High Tech Drives Office Fundamentals
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SAN FRANCISCO-New tech-oriented submarkets around the U.S. and Canada have been created by strong growth in high-tech sector hiring and increasing competition among firms for talent, says a newly released high-tech-industry report from Jones Lang LaSalle. The firm estimates that high tech accounts for nearly one-third of recent office-market absorption nationwide, and the top five markets—Boston, New York, Silicon Valley, San Francisco and Seattle—recorded annual rent growth across key tech-oriented submarkets of between 16.8% and 57.9% in the first quarter.
“Despite high-tech’s relatively small footprint in office markets, accounting just 8.5% of all jobs using office space, it has had a tremendous impact on the absorption of office space in the top five tech-oriented markets,” says Colin Yasukochi, northwest director of research for JLL. “Additionally, the sector’s recent employment growth—roughly three times the overall US employment rate—has begun to affect a growing number of other markets around the US and Canada.”
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As GlobeSt.com previously reported, San Francisco was found to be a top-performing office market in first-quarter 2012—followed by New York City and Houston—with rental rates increasing by 7.5% over fourth-quarter 2011. Demand and rent growth here were found to be driven largely by technology growth—specifically, social media, search engine and cloud computing companies such as Twitter, Zynga, Salesforce, Yelp, Google and LinkedIn, Yasukochi told GlobeSt.com at the time.
Submarkets that saw positive annual rent growth during the first quarter include Vancouver’s Yaletown submarket; Boulder, CO; downtown Pittsburgh; Washington, D.C.’s East End; and the West Loop submarket of Houston, the report indicates. High-tech demand for office space, which has led to rent recovery in many markets adversely affected by the financial downturn, is now spurring construction activity in the office sector for the first time in more than five years.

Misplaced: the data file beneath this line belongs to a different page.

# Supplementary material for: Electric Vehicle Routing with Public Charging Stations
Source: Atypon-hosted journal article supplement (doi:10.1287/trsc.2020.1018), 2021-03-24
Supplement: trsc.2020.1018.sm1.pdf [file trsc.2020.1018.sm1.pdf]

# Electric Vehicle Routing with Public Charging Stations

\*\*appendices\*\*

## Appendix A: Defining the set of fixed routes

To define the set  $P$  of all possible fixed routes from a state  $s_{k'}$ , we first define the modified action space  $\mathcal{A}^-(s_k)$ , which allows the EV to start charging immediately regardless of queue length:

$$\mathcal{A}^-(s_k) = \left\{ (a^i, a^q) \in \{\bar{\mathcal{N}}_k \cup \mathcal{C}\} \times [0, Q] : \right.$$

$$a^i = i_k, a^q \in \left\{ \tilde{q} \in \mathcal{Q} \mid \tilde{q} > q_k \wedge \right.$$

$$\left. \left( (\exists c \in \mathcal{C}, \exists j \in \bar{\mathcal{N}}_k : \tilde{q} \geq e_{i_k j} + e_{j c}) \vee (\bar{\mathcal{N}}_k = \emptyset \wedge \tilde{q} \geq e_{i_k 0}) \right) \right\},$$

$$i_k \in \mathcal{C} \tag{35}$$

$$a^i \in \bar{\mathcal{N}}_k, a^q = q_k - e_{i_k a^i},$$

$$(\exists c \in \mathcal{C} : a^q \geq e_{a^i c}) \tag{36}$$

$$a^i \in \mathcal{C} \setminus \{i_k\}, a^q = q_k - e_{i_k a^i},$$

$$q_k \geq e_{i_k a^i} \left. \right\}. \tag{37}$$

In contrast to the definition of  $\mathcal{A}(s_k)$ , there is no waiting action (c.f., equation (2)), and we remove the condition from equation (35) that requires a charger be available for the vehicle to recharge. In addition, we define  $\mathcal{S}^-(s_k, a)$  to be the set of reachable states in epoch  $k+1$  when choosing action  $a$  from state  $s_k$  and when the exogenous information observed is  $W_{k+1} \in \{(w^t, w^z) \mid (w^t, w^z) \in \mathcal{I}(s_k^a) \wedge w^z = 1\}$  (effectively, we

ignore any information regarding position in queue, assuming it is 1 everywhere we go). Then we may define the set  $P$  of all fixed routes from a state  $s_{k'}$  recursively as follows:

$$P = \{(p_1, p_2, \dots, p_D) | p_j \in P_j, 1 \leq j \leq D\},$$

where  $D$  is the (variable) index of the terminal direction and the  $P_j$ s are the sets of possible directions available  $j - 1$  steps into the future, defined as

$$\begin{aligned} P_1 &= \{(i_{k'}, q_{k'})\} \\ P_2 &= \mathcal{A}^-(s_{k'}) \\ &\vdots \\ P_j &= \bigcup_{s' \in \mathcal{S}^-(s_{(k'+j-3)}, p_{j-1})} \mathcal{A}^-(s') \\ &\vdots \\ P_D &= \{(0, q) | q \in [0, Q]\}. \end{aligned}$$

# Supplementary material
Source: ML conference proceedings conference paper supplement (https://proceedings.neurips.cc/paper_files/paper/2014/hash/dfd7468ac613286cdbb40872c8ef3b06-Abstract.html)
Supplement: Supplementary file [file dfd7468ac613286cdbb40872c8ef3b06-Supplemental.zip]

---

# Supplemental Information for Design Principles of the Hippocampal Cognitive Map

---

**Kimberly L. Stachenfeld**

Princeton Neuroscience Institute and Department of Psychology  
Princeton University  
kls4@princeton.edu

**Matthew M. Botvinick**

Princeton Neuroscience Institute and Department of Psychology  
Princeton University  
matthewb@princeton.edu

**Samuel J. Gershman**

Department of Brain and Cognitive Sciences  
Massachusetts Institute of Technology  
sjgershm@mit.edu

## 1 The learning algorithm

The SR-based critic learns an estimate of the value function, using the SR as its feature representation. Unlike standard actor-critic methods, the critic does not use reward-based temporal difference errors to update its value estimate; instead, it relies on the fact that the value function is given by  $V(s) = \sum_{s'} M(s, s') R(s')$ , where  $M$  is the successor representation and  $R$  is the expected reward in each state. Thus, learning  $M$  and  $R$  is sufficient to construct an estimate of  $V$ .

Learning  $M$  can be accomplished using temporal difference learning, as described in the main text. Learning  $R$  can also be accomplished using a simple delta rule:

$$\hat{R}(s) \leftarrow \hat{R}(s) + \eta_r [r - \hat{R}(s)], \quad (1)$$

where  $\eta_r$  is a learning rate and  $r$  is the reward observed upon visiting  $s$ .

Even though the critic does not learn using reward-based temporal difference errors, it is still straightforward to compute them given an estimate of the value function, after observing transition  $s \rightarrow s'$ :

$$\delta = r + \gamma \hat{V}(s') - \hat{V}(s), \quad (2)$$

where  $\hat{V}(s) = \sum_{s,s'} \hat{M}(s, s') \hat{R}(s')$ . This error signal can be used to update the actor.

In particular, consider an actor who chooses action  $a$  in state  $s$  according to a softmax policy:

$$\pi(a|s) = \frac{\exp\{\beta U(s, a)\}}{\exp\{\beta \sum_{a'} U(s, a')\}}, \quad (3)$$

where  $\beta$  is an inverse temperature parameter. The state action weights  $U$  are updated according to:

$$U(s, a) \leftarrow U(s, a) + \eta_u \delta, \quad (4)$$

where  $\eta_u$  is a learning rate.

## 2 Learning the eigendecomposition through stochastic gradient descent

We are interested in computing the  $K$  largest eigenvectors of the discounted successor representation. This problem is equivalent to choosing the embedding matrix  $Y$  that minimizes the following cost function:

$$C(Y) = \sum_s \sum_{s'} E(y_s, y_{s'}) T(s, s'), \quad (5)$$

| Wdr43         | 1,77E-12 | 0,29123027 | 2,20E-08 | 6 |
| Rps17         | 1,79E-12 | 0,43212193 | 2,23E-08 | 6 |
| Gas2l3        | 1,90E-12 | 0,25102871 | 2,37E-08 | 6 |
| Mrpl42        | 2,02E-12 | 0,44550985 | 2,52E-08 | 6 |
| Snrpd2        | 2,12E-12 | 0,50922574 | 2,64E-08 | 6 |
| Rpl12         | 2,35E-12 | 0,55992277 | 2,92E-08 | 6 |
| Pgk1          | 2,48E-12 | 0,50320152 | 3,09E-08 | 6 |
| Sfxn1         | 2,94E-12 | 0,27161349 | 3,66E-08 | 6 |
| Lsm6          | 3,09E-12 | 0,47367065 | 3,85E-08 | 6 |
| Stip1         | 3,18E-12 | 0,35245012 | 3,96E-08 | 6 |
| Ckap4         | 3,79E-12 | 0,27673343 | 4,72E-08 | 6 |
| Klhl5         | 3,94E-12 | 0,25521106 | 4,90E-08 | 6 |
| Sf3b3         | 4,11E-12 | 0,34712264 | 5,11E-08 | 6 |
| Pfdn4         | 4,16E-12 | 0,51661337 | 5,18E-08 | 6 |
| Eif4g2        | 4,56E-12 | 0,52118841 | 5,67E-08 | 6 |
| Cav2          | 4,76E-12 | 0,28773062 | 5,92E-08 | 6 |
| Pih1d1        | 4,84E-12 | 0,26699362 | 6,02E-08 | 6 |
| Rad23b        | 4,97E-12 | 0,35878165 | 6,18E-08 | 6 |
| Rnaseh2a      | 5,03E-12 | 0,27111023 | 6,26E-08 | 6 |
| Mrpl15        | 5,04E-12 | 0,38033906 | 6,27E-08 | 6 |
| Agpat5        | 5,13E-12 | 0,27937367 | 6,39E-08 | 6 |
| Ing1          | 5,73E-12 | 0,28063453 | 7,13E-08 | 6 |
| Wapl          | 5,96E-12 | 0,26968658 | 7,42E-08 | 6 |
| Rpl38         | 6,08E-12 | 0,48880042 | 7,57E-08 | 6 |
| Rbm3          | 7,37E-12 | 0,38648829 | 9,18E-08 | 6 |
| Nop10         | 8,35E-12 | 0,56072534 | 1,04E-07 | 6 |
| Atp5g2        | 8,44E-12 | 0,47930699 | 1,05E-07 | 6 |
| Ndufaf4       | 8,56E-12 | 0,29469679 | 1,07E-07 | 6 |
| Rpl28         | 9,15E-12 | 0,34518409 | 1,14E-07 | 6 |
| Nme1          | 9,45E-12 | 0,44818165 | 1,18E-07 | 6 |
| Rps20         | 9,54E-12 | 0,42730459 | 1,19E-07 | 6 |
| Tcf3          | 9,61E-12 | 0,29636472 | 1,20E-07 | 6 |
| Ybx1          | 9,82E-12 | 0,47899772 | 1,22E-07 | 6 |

“We’re now seeing strong evidence of the ‘high-tech effect’ spreading out beyond the five major markets as companies in the technology sector both expand their business models and engage in a vigorous battle to land new pools of talent,” Yasukochi says. “This quest for more human capital is increasingly pushing firms to look outside traditional tech cities to set up new operations.”
In markets such as San Francisco, where high-tech demand is intense and tenants have been snapping up creatively configured office environments, there are very few large blocks of space available to accommodate additional growth, Yasukochi adds. “With rents rising, we are now at the point where new construction—for those with access to capital to build—is coming to the drawing board.”
For example, industry sources say Tishman Speyer is planning to build a 286,000-square-foot speculative office tower here in SoMa’s Foundry Square, the first such development in the city since 2006, and may start work early next year on 222 Second St., which has been approved for a 27-story, 450,000-square-foot tower.
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